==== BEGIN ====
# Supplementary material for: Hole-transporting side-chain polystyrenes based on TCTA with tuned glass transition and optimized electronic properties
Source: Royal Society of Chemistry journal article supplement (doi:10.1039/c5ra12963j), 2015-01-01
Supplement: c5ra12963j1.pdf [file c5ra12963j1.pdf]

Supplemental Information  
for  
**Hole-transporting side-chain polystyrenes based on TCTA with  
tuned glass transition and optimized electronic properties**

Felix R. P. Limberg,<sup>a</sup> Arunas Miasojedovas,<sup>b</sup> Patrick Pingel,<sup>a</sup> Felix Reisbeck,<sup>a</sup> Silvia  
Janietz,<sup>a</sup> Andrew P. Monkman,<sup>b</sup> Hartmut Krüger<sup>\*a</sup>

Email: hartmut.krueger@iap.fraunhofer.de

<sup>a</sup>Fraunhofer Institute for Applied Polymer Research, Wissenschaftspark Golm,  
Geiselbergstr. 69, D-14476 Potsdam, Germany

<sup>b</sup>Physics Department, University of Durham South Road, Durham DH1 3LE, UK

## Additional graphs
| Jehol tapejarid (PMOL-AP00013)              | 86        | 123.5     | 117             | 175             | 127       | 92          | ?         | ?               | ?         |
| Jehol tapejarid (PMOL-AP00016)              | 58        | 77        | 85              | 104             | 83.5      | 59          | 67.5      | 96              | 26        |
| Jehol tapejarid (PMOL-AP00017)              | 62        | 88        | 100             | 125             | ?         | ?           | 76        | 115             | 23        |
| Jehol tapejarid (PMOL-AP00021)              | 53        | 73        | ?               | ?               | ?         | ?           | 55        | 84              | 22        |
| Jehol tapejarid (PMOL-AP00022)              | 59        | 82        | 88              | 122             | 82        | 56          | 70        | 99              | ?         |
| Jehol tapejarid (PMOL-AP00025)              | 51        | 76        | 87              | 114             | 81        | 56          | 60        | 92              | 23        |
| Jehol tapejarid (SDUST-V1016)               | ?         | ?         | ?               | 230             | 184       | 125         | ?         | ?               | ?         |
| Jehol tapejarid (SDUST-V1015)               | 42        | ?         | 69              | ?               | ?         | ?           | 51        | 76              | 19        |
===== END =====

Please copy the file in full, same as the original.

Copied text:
# Supplementary material for: Hole-transporting side-chain polystyrenes based on TCTA with tuned glass transition and optimized electronic properties
Source: Royal Society of Chemistry journal article supplement (doi:10.1039/c5ra12963j), 2015-01-01
Supplement: c5ra12963j1.pdf [file c5ra12963j1.pdf]

Supplemental Information  
for  
**Hole-transporting side-chain polystyrenes based on TCTA with  
tuned glass transition and optimized electronic properties**

Felix R. P. Limberg,<sup>a</sup> Arunas Miasojedovas,<sup>b</sup> Patrick Pingel,<sup>a</sup> Felix Reisbeck,<sup>a</sup> Silvia  
Janietz,<sup>a</sup> Andrew P. Monkman,<sup>b</sup> Hartmut Krüger<sup>\*a</sup>

Email: hartmut.krueger@iap.fraunhofer.de

<sup>a</sup>Fraunhofer Institute for Applied Polymer Research, Wissenschaftspark Golm,  
Geiselbergstr. 69, D-14476 Potsdam, Germany

<sup>b</sup>Physics Department, University of Durham South Road, Durham DH1 3LE, UK

## Additional graphs
| Jehol tapejarid (PMOL-AP00013)              | 86        | 123.5     | 117             | 175             | 127       | 92          | ?         | ?               | ?         |
| Jehol tapejarid (PMOL-AP00016)              | 58        | 77        | 85              | 104             | 83.5      | 59          | 67.5      | 96              | 26        |
| Jehol tapejarid (PMOL-AP00017)              | 62        | 88        | 100             | 125             | ?         | ?           | 76        | 115             | 23        |
| Jehol tapejarid (PMOL-AP00021)              | 53        | 73        | ?               | ?               | ?         | ?           | 55        | 84              | 22        |
| Jehol tapejarid (PMOL-AP00022)              | 59        | 82        | 88              | 122             | 82        | 56          | 70        | 99              | ?         |
| Jehol tapejarid (PMOL-AP00025)              | 51        | 76        | 87              | 114             | 81        | 56          | 60        | 92              | 23        |
| Jehol tapejarid (SDUST-V1016)               | ?         | ?         | ?               | 230             | 184       | 125         | ?         | ?               | ?         |
| Jehol tapejarid (SDUST-V1015)               | 42        | ?         | 69              | ?               | ?         | ?           | 51        | 76              | 19        |